There are no buses from Tanzania that cross from Tunduma (Tanzanian side) to Nakonde (Zambian side). Trusting our guts, we moved away from the touts who were openly conning us and receded to furthest end of the bus terminus. After regrouping, an engagement with hawkers yielded the true fare estimate.
Satisfied, we were in a minibus heading to Tunduma border slightly less than an hour later, This particular ride was eventful raining for most of the journey to the border. It took us approximately three and a half hours to cover the 112km.
Trouble at the Zambian border
Almost every article we read online highlighted how troublesome the Zambian Immigration officers can be. The Tanzanian side at the one-stop border cleared us in a matter of seconds and true to the loud secret, we did not have it easy on the Zambian side. Kenyan citizens are entitled to visa-free entry as long as they bear a valid passport and yellow fever certificate. Even after stating the purpose of our visit and presenting the prerequisite documents, the officers asked us for a typhoid and cholera vaccination certification. At one point, one officer even threatened to send us back to Tanzania to have the vaccination before we could enter Zambia.
We kept cool as he went on and on with his immunology lecture, not knowing he was speaking to a biotechnologist. Eventually, after wasting precious time we were allowed entry. At this hour, though, we had no option but to seek accommodation at the border. As usual, boda boda riders were the main plug for proper places to sleep and moving around especially if you are a generous tipper.
There are no night buses in Zambia. All buses to Lusaka from Nakonde border leave at exactly 4:40am to get to Lusaka at around 8pm. I thought the road to Dar from Nairobi was long, but not until I covered approximately 1,400km to Lusaka.
Up to that point, I noted that the road condition from Nairobi to Nakonde was perfect. I could also not help but notice that Zambia was mostly flat with one or two hills here and there, and the road to Lusaka was mostly straight.
Most signposts on the Lusaka highway had something to do with cattle and beef. There were more commercial trailers and trucks on the highway than buses. The first very brief stop was at Kapiri Mposhi, the final station of the Tanzania-Zambia railway.
Another stop was at a highway hotel that served really tasty food. The road to Lusaka was long but soothing. I enjoyed experiencing a dramatic sunrise and an enchanting sunset. We got to Lusaka a few minutes past 8pm. Since most buses were arriving at that time, there was a lot of confusion as everyone wanted to show you to their taxi, carry your bag or just find out if you need help while insisting they could help.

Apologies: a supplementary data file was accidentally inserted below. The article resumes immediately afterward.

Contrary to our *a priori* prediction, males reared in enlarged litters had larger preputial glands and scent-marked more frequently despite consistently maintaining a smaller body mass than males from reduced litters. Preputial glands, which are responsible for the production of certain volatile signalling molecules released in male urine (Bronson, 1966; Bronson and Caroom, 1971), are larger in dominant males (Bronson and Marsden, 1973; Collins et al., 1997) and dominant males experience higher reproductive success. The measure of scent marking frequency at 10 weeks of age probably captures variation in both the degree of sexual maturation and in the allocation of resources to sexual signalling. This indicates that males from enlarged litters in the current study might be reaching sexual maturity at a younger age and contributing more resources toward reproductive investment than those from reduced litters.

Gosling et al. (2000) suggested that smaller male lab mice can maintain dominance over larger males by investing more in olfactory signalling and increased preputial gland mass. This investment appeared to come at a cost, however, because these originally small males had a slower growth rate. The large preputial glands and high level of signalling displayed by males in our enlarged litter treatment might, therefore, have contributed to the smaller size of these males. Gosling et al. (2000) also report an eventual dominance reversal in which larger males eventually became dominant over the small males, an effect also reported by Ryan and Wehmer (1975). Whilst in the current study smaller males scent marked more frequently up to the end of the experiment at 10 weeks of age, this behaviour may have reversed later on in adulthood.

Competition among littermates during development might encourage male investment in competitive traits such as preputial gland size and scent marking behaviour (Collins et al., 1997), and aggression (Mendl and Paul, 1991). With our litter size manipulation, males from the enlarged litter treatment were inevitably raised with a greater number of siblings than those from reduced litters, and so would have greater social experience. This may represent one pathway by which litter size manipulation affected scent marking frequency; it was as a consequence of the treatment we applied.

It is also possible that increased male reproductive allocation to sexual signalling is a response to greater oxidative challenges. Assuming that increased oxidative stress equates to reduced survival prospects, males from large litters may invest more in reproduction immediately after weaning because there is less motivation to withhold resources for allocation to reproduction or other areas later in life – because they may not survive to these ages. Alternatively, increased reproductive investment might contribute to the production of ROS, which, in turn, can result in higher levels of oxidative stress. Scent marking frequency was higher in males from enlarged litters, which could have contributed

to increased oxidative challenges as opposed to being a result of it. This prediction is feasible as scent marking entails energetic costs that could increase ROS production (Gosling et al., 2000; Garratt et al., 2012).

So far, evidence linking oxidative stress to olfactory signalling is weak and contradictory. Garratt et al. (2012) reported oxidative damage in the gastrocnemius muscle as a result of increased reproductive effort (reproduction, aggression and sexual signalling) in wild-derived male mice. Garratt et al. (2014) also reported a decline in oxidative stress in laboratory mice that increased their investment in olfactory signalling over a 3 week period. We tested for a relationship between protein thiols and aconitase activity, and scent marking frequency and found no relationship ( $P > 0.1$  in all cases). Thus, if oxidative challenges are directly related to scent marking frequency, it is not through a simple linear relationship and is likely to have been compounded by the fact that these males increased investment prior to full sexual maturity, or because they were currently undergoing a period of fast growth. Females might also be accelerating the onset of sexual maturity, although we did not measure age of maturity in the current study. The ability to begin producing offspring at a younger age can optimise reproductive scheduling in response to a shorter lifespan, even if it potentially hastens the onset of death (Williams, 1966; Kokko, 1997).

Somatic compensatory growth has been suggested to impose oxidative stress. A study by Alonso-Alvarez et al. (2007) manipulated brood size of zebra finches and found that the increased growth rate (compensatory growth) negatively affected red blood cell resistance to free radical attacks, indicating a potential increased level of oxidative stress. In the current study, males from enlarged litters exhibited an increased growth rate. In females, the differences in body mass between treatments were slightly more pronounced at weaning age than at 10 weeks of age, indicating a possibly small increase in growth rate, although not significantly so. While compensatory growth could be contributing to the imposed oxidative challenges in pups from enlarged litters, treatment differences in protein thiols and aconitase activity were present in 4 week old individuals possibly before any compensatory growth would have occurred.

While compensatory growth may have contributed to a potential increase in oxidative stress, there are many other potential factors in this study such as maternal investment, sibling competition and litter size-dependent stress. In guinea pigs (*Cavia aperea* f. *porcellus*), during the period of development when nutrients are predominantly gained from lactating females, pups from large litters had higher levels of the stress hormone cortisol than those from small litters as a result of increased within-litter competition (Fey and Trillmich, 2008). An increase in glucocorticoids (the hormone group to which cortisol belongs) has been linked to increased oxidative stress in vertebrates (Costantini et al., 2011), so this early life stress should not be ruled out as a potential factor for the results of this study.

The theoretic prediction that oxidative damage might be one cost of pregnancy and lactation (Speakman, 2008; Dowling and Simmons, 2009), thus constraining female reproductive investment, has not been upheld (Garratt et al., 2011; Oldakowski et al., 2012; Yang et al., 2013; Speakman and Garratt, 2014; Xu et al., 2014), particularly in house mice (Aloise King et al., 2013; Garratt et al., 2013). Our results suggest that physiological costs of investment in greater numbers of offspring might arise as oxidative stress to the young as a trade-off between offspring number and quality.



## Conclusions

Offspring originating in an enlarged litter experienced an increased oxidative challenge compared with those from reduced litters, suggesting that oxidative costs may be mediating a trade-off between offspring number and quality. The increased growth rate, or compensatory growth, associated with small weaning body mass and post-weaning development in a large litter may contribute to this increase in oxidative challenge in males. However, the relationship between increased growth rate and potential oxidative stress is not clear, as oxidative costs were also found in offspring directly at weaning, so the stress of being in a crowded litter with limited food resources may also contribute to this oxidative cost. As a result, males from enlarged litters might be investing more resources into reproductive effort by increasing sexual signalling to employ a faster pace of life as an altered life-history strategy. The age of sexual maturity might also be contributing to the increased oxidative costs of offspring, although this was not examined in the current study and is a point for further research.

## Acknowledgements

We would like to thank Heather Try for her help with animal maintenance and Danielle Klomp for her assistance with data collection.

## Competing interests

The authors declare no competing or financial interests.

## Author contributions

The biggest challenge we encountered was that there was no online taxi-hailing service. We settled on a taxi guy who looked trustworthy and was kind enough to take us to our guesthouse that we had booked online at that hour. We got a room with twin beds, a spacious bathroom, and a study table.
Much as we wanted to rest for a day in Lusaka, the urge to get to Livingstone, the heart of tourism in Zambia, overrode the desire to stay.
We decided to start the next day a bit early, explore Lusaka for a few hours then hop onto a bus to Livingstone. It turned out Lusaka was a moderately smaller version of Nairobi City, only with an organised bus station and a smaller population. We spent a bit of time at one of the biggest malls in Lusaka mostly for banking and looking for fresh fruit juices and lunch. One thing that stood out was how we always found taxi drivers and boda boda riders who at all times were happy to help and show us around.
Other than the fact that Zambians spell out time in the 24-hour version, always catching us off guard everything, else was on course. As a Kenyan, seeing a street in Zambia named after Dedan Kimathi deepened my connections with that city and its people. We left Lusaka at around 2pm.
It was then that I knew I was ready for an adventure of a lifetime. I wanted to skip the bus ride and jump into my future reality badly. I mean, I was six hours away from Livingstone! Six hours away from the mighty Zambezi, the mystical Victoria Falls and epic game drives. The trip from Lusaka was the shortest. The bus ride was much better and compared to the earlier one from Nakonde. We slept at a backpackers in the heart of Livingstone that night. I slept, one happy girl.
The next morning we checked out ready for the best part of our trip!